/ / Why Perfection Is Not Your Goal (If You Want To Succeed)
/ / Why Perfection Is Not Your Goal (If You Want To Succeed)

Why Perfection Is Not Your Goal (If You Want To Succeed)

What is perfect? Are you perfect? When’s the last time you experienced a perfect product or worked with a perfect team member? How would you even define perfection? It doesn’t mean “the best.” Is perfection your goal? Because, it’s not even technically possible to achieve. It’s important to really consider this because, in reality, perfection has a lot more to do with anxiety than it does with excellence and success. If you think this is an excuse to be sloppy or half-hearted in your efforts as a founder-entrepreneur, it’s not. Your drive to be great is critical to your success, but there’s a big difference between a great idea, a product with Wow! Factor, and perfection. That difference is that one gets sold and makes you a lot of money, and the other wastes your time, energy, resources and creativity. Here’s why setting the goal of good or done is better than perfect every time.

5 Downsides of Perfection

Seeking perfection can push people to the peak of their game, but, particularly for entrepreneurs, it comes at a high cost. Here’s why.

  1. It limits your potential

    Steve Jobs is a name that gets brought up a lot when we’re talking about the concept of perfectionism in innovation. Yes, Jobs was a visionary, a complex and brilliant creative mind, and the iPhone and the Macbook are what they are because of his exacting standards and relentless approach to perfection

    Here’s the downside: imagine what other incredible, world-changing, extraordinary ideas were scrapped and never came to be because they didn’t measure up to his standards? What else would we have at our fingertips right now if he had been willing to improve upon an idea or prototype that was decent, good, or even very good, but not perfect? Concepts that Steve Jobs cast aside might have been roughed out, brought to market and improved upon until they were great. 

    Sometimes good enough is good enough.

  2. It robs you of a Minimal Viable Product (MVP) 

    There are two main reasons why an MVP is often the standard for hitting the market: 1. it confirms that potential customers actually want your product and 2. that they’ll pay for it. The entire point of the MVP is that it is not the final iteration, it’s a tool to gain feedback that will make your product great. Good gets you to market. Market gives you invaluable, priceless data. Changes based on that data make your product great. 

    It’s impossible to do this in a vacuum. Taking a swing, planting a flag, trying something – you’re giving the consumer something to respond to in order to make your product great. They won’t be able to tell you what it is in the abstract, but they’ll know it when they see it.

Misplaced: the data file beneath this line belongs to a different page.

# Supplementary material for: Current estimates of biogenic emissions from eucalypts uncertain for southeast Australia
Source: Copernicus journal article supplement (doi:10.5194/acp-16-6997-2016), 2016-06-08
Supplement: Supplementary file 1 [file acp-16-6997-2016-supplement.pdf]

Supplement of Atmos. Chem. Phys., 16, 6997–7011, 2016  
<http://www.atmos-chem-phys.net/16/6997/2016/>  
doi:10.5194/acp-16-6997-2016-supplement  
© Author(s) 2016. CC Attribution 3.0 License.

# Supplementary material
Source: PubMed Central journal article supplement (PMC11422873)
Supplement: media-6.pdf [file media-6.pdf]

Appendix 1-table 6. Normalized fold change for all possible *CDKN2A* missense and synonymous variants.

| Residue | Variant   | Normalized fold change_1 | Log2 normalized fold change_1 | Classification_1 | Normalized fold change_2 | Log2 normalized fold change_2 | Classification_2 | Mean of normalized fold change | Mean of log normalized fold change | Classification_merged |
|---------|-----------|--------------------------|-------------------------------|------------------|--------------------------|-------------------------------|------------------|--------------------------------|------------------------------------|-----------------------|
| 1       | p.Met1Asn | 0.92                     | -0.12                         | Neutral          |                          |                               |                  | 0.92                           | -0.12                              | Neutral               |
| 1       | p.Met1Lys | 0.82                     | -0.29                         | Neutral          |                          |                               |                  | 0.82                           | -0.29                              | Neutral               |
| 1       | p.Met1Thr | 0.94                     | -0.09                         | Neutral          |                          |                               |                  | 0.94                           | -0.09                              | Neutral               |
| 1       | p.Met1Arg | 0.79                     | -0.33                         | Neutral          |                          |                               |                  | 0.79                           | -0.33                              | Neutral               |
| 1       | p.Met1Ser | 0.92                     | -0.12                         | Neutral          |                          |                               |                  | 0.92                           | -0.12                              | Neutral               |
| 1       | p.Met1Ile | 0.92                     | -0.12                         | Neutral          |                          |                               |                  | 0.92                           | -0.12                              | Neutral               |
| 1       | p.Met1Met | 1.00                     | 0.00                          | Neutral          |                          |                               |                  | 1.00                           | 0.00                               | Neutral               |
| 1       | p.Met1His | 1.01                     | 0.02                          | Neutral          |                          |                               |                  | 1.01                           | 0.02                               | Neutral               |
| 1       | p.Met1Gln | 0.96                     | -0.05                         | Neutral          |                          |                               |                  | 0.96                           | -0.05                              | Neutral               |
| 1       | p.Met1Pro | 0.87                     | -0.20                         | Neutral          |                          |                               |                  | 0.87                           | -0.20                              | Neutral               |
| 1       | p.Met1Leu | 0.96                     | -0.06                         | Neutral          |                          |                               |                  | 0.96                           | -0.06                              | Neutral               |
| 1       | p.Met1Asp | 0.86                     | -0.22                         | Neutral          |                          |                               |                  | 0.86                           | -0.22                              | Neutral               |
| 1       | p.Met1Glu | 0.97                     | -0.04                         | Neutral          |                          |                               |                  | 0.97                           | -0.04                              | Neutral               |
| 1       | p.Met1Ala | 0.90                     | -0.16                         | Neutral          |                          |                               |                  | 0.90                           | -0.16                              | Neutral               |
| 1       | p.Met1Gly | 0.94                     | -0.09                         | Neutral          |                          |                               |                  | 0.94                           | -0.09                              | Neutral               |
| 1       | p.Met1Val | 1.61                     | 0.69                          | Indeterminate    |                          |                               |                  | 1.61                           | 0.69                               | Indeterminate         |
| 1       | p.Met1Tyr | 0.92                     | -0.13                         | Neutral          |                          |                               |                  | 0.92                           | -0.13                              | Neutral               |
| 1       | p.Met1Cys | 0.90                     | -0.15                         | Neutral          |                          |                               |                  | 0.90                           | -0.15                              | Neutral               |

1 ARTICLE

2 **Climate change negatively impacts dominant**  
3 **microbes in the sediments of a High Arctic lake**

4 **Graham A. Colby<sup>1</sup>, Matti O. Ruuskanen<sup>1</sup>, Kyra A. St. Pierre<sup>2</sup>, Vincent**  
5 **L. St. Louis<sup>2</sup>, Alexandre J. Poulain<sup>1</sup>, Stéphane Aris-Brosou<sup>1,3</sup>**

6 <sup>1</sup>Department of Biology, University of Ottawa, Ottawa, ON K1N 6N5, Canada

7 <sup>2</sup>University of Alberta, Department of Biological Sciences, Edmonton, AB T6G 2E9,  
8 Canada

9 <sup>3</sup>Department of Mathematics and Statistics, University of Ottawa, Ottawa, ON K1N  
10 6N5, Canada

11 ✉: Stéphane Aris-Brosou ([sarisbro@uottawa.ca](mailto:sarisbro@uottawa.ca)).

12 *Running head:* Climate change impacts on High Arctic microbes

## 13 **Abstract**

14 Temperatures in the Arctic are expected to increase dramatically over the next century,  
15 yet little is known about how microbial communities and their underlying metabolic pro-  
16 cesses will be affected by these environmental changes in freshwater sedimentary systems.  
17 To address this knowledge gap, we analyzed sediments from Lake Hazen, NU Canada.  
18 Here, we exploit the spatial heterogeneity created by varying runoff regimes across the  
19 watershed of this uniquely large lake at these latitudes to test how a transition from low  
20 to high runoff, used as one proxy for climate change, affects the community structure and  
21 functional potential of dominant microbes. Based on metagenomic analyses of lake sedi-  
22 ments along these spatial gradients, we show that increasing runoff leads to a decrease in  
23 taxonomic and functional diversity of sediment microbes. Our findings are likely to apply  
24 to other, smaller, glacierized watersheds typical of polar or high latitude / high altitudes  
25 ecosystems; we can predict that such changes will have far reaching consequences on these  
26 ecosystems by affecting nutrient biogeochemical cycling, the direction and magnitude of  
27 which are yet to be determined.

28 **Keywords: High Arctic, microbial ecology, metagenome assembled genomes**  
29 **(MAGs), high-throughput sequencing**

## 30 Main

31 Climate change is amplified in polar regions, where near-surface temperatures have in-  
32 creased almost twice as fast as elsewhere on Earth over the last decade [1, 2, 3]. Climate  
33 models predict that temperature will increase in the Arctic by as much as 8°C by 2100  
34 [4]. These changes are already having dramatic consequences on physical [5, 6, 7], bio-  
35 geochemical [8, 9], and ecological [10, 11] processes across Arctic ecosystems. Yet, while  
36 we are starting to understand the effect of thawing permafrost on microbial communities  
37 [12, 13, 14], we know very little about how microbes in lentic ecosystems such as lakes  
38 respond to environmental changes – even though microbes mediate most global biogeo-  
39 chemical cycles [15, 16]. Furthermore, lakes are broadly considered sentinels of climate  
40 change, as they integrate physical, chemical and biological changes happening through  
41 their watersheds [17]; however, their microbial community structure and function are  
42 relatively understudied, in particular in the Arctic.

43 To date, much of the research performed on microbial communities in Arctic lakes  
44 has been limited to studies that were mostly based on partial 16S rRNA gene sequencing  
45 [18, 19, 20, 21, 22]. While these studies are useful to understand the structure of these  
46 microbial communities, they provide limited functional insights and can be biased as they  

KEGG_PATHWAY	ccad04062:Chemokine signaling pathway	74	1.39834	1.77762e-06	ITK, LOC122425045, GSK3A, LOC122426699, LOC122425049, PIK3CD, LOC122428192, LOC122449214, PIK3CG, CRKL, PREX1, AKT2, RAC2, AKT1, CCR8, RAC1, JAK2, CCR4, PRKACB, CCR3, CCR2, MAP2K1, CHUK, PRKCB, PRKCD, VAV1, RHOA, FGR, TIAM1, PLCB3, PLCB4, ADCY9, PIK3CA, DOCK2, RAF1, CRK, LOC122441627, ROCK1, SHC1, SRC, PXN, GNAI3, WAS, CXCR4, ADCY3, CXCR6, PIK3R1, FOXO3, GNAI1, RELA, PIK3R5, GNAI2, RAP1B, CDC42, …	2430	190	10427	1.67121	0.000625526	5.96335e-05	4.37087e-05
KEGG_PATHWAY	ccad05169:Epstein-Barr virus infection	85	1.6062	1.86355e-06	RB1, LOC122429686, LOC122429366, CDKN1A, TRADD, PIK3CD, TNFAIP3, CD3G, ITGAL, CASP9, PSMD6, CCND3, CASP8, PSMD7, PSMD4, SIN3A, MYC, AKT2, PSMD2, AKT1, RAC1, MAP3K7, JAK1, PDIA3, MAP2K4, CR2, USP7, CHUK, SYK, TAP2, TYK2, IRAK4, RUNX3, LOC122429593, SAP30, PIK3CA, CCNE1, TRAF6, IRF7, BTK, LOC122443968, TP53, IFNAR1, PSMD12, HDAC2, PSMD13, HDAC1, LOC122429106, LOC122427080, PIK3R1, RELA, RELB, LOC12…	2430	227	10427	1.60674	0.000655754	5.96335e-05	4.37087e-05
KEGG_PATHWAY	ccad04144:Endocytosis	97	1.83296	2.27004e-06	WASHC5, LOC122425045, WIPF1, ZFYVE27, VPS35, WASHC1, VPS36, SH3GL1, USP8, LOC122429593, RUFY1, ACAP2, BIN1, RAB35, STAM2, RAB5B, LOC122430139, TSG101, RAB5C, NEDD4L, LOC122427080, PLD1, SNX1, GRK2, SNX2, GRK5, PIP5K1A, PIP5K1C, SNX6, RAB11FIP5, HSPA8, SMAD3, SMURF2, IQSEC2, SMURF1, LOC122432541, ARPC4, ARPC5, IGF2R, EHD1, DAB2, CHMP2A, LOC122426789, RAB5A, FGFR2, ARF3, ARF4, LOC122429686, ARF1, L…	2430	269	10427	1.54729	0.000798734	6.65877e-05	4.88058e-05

Often attributed to Henry Ford, this quote sums it up well:  “If I had asked people what they wanted, they would have said faster horses.”  

  3. It moves the finish line

    When your bar is “perfect,” you will, quite literally, never be done. When the finish line keeps moving on you, the drive to continue optimizing is relentless which will eventually cause you to burn out. Seeking perfection in your business can cause you to obsess over it in your personal life and downtime, both of which are necessary to keeping your mind agile and creative. It is draining enough being a founder-CEO, without adding the heavy burden of perfectionism to your plate. 

  4. It wastes your time, energy and opportunities

    Seeking perfection can cause founders and entrepreneurs to get small in their thinking, focusing on the wrong things at the expense of big opportunities. You will waste your time on details that don’t matter, and miss the chance to take big swings – like network with industry leaders, pitch investors and collaborate meaningfully with your talented team. You will spend a disproportionate amount of your most precious, unrenewable resource (time) on areas that do not have a real impact on your success.

  5. It makes you risk-averse

    Perfectionism is a fancy word for keeping yourself small. By hiding behind the idea that perfect is attainable, and that you’ll definitely launch your product when you get there, you never actually have to launch your product. You don’t have to expose your idea to the world. You don’t have to hear the criticism. You don’t have to stand beside it and feel vulnerable or, if it fails, ashamed. Guess what? Risk is good. Fear is good. Those are signs you are doing something right. If you feel 100% confident in your product, you’re either wrong or too late. Get out there while you’re still not comfortable and learn the greatest lessons you’ll ever learn. You won’t ever get to perfect, but you can get to great, and you can be successful. You just have to get your priorities right. 

Perfect doesn’t matter if no one else ever gets to see it.

In case you have any lingering misconceptions that perfectionism is a good thing, consider that research has shown it’s actually linked to mental illness, depression and anxiety. Spending the rest of your life tinkering with the last 10% to make your product perfect is a great way to ensure you never sell one and you never succeed. That may sound harsh, but it’s the truth. Set a high standard, achieve it and get your product into the marketplace where your consumers can teach you what you don’t know: the valuable information that will allow you to optimize your offering for success. One of the best parts about being an entrepreneur, particularly in the tech space, is that you are never done. There’s always a new innovation or solution out there ready to change everything. When that happens, do you want to be in the game, or standing on the sidelines? If you’re ready to get your game changing tech solution to market, I want to hear about it. 

Enjoy the ride.